Sometimes citizens took the law into their own hands and became vigilantes, people who deal out their own brand of justice without benefit of judge or jury.
Boomtowns were made up mostly of men, and very few children lived in boomtowns.
Some women opened businesses or worked as laundresses or cooks in boomtowns.
Mining booms were often followed by mining busts, which occurred when people left town after the mines stopped producing ore.
Toward the end of the rush, people began mining other metals, such as copper, lead, and zinc.
Frontier areas around boomtowns eventually became states.
Railroads Connect East to West
Because the mines were far from industrial centers, transportation became important to the survival of mining communities.
Wagons and stagecoaches could not meet the transportation demands of the West, but railroads could.
The network of railroads increased rapidly between 1865 and 1890.
Railroad work was often supported by government subsidies, financial aid and land grants from the government.
The federal government granted more than 130 million acres of land to railroad companies to build the rail network.
Much of the land was obtained or purchased by treaties with Native Americans.
Towns often offered cash subsidies to make sure the railroads came to their communities.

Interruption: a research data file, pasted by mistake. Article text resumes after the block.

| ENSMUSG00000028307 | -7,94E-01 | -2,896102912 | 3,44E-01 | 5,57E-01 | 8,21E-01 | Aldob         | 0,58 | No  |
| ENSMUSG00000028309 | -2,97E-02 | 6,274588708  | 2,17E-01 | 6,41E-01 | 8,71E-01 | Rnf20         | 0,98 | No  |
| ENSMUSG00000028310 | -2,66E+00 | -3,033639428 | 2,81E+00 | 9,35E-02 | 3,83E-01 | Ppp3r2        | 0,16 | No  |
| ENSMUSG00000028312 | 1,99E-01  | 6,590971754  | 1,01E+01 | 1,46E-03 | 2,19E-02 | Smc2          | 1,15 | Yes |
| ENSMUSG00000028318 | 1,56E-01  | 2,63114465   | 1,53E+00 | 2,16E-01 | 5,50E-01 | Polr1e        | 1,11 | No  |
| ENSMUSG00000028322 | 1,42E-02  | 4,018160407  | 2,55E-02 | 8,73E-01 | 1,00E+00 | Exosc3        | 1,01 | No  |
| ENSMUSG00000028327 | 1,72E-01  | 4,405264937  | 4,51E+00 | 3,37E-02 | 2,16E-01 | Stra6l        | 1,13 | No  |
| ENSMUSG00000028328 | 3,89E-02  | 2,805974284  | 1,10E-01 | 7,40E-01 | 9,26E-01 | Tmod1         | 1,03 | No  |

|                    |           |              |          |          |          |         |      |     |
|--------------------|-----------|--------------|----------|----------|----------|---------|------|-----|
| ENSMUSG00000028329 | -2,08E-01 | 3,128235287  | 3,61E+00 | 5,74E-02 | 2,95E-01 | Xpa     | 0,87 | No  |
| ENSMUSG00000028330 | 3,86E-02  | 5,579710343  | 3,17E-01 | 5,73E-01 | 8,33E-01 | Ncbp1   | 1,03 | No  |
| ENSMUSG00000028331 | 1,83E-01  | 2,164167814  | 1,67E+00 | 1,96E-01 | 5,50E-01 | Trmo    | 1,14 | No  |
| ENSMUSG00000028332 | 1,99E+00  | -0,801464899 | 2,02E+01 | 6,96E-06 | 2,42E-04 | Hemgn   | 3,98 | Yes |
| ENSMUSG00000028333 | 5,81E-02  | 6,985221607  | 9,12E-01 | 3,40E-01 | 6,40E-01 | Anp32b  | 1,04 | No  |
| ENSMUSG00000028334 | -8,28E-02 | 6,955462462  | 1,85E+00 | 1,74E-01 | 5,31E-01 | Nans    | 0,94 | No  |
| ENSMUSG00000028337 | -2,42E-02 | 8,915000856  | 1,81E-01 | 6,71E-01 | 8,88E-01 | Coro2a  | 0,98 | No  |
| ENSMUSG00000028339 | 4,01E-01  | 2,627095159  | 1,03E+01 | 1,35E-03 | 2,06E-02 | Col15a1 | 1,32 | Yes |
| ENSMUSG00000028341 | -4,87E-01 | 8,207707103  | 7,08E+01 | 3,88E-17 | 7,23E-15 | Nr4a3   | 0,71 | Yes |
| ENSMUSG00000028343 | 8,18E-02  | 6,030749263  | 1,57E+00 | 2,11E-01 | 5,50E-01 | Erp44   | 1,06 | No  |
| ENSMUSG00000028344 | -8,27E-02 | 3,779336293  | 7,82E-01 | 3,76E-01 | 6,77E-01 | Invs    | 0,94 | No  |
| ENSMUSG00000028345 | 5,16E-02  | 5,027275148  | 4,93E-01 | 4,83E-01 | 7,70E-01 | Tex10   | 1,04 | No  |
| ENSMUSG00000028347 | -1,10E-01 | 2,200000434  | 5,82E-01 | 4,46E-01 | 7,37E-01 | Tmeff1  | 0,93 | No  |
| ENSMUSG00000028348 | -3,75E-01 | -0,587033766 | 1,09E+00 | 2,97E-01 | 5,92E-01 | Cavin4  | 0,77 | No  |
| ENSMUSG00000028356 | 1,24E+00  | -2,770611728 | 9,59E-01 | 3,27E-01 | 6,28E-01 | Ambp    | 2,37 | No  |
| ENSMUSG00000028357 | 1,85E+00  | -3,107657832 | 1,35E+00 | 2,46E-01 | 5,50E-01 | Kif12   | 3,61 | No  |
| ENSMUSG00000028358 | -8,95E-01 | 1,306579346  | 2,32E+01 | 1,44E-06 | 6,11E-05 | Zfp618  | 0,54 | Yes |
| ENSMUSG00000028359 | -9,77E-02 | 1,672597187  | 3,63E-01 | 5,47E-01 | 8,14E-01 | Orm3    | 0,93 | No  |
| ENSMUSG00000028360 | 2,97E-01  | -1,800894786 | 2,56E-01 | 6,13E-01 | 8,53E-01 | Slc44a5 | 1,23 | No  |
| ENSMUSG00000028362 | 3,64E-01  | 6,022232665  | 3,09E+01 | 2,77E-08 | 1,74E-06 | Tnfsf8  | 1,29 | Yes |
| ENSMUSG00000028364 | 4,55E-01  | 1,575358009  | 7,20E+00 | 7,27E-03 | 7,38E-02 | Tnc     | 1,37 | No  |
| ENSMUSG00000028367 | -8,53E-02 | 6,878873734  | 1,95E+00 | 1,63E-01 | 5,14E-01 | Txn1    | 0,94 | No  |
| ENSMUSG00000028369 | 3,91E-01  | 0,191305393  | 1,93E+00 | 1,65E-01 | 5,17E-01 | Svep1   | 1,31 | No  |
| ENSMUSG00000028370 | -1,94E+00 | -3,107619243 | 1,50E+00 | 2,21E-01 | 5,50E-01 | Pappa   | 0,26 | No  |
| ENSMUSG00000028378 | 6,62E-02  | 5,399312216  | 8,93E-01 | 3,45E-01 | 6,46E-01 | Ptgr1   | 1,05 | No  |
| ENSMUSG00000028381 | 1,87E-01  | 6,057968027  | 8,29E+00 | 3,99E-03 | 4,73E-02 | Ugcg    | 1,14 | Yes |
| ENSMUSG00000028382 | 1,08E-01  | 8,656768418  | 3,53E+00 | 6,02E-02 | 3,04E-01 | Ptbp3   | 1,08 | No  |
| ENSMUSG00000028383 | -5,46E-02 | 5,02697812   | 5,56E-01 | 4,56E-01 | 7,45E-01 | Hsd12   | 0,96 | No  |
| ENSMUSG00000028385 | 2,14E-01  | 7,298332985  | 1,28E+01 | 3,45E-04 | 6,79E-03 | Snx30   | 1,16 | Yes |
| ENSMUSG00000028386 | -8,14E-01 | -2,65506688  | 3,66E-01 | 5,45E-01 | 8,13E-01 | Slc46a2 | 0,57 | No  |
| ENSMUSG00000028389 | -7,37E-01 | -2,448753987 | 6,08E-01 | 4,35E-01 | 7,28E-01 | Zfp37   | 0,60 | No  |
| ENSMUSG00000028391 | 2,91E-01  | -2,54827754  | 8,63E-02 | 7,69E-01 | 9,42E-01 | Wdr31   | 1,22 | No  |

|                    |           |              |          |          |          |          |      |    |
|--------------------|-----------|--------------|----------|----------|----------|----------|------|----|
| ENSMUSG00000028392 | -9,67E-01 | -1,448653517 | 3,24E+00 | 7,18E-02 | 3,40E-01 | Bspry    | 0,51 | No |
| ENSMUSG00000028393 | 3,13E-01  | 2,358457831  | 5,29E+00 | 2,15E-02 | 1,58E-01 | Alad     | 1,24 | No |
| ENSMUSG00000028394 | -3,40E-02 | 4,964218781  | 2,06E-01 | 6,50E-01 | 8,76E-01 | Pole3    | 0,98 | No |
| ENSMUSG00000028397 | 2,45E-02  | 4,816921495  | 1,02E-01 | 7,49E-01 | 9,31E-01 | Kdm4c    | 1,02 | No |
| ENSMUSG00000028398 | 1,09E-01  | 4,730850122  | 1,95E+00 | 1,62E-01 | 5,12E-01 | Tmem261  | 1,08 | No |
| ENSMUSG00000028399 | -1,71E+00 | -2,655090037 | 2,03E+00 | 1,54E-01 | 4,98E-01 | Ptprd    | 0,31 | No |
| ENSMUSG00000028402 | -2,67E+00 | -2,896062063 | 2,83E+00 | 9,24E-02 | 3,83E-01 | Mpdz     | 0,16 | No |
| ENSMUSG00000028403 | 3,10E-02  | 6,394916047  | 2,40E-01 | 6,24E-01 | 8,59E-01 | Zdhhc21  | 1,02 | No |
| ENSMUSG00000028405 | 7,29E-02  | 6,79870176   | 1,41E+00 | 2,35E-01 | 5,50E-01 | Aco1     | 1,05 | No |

Los Angeles was a community that offered a subsidy to a railroad company.
The search for a route for a transcontinental rail line - one that would span the continent and connect the Atlantic and Pacific coasts - began in the 1850s.
Two companies accepted the enormous challenge of building the transcontinental railroad - the Union Pacific Company, which built its track westward, and the Central Pacific Company, which built its track eastward.
Both companies were very competitive with each other.
The Central Pacific hired about 10,000 Chinese laborers, and the Union Pacific hired Irish and African American workers.
All workers toiled for low wages in harsh conditions.
Construction of the transcontinental railroad was complete on May 10, 1869.
The two sets of track met a Promontory Summit in Utah Territory.